Myths about flexibility at work

Busted in a speech bubble

Myths and wrong information can help to fuel prejudice and fear.They are often based on preconceived ideas, judgmental opinions and misinformation.

Here we correct some misinformation about flexibility at work.

Download the Myths about flexibility at work in a print friendly format (PDF File, 3.1 MB)

Myth: Flexible workplace initiatives are just to support women.

Fact: Flexible workplace initiatives can assist all employees to manage a healthy work/life balance and aren't just confined to mothers returning to the workforce. Workplaces that promote flexible work practices may find that they retain valuable staff, reduce hiring and training costs, reduce absenteeism, are more attractive to prospective employees, and have higher rates of job satisfaction.

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Myth: Flexible work practices are costly.

Fact: Saying yes to flexible work arrangements doesn't have to be costly to your organisation. Flexibility can take the form of having your staff telecommute, working part-time hours, job sharing, working a compressed week, and varying start and finishing times. Many of these arrangements can be made with minimal costs to your organisation while providing ongoing financial benefits with more satisfied and engaged employees.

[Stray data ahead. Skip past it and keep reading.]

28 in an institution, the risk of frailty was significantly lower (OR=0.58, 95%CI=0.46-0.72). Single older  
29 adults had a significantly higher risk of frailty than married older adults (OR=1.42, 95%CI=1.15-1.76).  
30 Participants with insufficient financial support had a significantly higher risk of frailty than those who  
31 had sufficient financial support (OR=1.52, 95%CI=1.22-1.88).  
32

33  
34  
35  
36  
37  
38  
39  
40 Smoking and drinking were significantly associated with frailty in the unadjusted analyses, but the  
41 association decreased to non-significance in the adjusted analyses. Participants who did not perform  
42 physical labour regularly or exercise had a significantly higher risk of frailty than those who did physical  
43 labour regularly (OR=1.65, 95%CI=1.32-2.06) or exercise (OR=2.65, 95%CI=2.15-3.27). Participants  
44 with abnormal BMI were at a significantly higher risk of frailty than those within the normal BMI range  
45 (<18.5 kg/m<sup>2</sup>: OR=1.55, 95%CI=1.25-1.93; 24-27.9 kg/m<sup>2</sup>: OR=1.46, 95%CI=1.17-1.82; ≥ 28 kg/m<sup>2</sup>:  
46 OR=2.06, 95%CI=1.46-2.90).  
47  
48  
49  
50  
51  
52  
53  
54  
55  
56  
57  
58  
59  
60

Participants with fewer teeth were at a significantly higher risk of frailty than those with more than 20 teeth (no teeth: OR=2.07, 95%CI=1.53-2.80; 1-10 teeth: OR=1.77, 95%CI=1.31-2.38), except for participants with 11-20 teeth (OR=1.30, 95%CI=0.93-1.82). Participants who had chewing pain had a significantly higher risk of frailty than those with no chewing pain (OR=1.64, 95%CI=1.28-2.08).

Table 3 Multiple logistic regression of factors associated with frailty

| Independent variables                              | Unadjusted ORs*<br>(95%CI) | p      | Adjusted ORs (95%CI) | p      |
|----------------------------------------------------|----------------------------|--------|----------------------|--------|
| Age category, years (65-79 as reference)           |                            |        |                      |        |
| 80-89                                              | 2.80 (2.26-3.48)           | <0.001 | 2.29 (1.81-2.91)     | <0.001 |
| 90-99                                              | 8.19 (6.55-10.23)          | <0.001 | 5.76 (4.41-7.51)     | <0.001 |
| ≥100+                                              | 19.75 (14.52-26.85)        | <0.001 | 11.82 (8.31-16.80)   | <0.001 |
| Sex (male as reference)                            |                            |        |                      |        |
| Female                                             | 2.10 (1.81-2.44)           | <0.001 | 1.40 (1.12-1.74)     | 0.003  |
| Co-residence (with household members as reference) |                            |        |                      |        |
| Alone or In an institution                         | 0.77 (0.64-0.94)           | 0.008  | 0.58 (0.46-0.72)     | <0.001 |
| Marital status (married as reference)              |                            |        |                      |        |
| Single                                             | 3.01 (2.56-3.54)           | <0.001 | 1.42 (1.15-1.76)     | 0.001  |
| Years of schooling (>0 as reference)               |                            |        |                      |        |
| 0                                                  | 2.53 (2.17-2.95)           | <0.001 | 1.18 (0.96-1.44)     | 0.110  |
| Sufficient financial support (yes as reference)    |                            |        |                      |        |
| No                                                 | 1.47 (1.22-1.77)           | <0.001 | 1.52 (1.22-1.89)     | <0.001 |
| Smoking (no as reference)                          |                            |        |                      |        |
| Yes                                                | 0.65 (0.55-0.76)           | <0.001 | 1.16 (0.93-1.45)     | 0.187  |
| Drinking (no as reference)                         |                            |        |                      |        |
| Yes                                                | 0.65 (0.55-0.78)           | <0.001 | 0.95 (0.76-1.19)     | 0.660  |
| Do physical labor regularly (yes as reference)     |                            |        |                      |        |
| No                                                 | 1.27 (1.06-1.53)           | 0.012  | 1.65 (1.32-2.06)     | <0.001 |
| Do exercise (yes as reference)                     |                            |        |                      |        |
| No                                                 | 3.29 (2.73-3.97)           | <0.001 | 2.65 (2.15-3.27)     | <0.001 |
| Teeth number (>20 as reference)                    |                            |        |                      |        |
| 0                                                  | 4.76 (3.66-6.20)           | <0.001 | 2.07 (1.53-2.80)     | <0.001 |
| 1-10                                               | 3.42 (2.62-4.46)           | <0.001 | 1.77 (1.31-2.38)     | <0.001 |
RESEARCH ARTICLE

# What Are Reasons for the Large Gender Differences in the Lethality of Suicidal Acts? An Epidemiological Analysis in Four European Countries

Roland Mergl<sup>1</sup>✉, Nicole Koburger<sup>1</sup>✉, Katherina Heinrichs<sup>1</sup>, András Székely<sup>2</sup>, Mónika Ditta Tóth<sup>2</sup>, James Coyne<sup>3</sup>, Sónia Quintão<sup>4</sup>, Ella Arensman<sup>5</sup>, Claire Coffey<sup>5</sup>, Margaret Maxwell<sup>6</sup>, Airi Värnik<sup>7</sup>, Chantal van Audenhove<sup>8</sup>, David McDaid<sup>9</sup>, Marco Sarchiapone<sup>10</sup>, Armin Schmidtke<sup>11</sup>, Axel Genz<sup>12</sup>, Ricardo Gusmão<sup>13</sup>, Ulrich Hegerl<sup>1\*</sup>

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Myth: Productivity and work performance will suffer.

Fact: Good communication and trust are central to cultivating positive work relationships. This is no different when flexible work arrangements are part of the mix. Clear expectations of how and when work is to be completed should be conveyed between managers and their staff. Most research indicates that part-time and satisfied employees tend to be productive ones. However, if there are any concerns with work performance, these concerns should be managed just like any other performance issues in the workplace.

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Myth: No-one will be available to fill rosters.

Fact: Flexibility requires a reciprocal arrangement between mangers and their staff. When planning flexible work arrangements, the potential impact on the business and other staff is an important consideration. Business needs, such as rostering, client service, and staffing levels should be taken into account when negotiating flexible work arrangements.

The Queensland Government has also compiled a comprehensive list of myths about flexibility at work. Read the myths and realities about flexibility at work here.

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